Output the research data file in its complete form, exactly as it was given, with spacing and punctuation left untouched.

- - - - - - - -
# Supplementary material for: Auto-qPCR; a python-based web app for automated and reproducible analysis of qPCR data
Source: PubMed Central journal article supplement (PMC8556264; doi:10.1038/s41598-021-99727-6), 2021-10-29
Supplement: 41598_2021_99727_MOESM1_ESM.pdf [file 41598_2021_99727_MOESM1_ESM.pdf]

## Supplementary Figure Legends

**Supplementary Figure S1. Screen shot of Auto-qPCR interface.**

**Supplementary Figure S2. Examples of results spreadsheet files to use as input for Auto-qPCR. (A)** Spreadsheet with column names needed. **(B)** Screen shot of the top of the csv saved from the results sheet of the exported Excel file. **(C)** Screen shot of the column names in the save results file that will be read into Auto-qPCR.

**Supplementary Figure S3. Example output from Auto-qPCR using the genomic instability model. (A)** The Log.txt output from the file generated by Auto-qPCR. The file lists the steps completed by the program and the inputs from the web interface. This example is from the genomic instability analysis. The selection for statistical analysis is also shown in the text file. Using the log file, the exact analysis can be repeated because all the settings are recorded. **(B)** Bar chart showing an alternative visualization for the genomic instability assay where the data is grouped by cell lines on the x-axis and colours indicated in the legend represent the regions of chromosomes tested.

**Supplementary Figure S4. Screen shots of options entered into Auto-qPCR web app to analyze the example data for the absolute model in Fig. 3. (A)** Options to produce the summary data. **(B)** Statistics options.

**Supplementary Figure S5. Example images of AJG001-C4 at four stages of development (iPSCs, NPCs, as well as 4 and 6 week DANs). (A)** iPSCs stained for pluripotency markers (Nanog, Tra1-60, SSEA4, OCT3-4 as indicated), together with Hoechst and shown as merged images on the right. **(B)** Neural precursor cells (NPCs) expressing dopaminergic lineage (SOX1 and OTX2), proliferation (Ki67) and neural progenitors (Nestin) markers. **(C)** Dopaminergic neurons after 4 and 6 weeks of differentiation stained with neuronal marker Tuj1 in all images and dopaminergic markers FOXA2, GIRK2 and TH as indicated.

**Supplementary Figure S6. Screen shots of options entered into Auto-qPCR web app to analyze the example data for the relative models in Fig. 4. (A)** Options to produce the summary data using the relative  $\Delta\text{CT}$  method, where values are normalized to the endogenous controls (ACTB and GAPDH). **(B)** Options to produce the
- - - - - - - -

# Supplementary material for: Auto-qPCR; a python-based web app for automated and reproducible analysis of qPCR data
Source: PubMed Central journal article supplement (PMC8556264; doi:10.1038/s41598-021-99727-6), 2021-10-29
Supplement: 41598_2021_99727_MOESM1_ESM.pdf [file 41598_2021_99727_MOESM1_ESM.pdf]

## Supplementary Figure Legends

**Supplementary Figure S1. Screen shot of Auto-qPCR interface.**

**Supplementary Figure S2. Examples of results spreadsheet files to use as input for Auto-qPCR. (A)** Spreadsheet with column names needed. **(B)** Screen shot of the top of the csv saved from the results sheet of the exported Excel file. **(C)** Screen shot of the column names in the save results file that will be read into Auto-qPCR.

**Supplementary Figure S3. Example output from Auto-qPCR using the genomic instability model. (A)** The Log.txt output from the file generated by Auto-qPCR. The file lists the steps completed by the program and the inputs from the web interface. This example is from the genomic instability analysis. The selection for statistical analysis is also shown in the text file. Using the log file, the exact analysis can be repeated because all the settings are recorded. **(B)** Bar chart showing an alternative visualization for the genomic instability assay where the data is grouped by cell lines on the x-axis and colours indicated in the legend represent the regions of chromosomes tested.

**Supplementary Figure S4. Screen shots of options entered into Auto-qPCR web app to analyze the example data for the absolute model in Fig. 3. (A)** Options to produce the summary data. **(B)** Statistics options.

**Supplementary Figure S5. Example images of AJG001-C4 at four stages of development (iPSCs, NPCs, as well as 4 and 6 week DANs). (A)** iPSCs stained for pluripotency markers (Nanog, Tra1-60, SSEA4, OCT3-4 as indicated), together with Hoechst and shown as merged images on the right. **(B)** Neural precursor cells (NPCs) expressing dopaminergic lineage (SOX1 and OTX2), proliferation (Ki67) and neural progenitors (Nestin) markers. **(C)** Dopaminergic neurons after 4 and 6 weeks of differentiation stained with neuronal marker Tuj1 in all images and dopaminergic markers FOXA2, GIRK2 and TH as indicated.

**Supplementary Figure S6. Screen shots of options entered into Auto-qPCR web app to analyze the example data for the relative models in Fig. 4. (A)** Options to produce the summary data using the relative  $\Delta\text{CT}$  method, where values are normalized to the endogenous controls (ACTB and GAPDH). **(B)** Options to produce the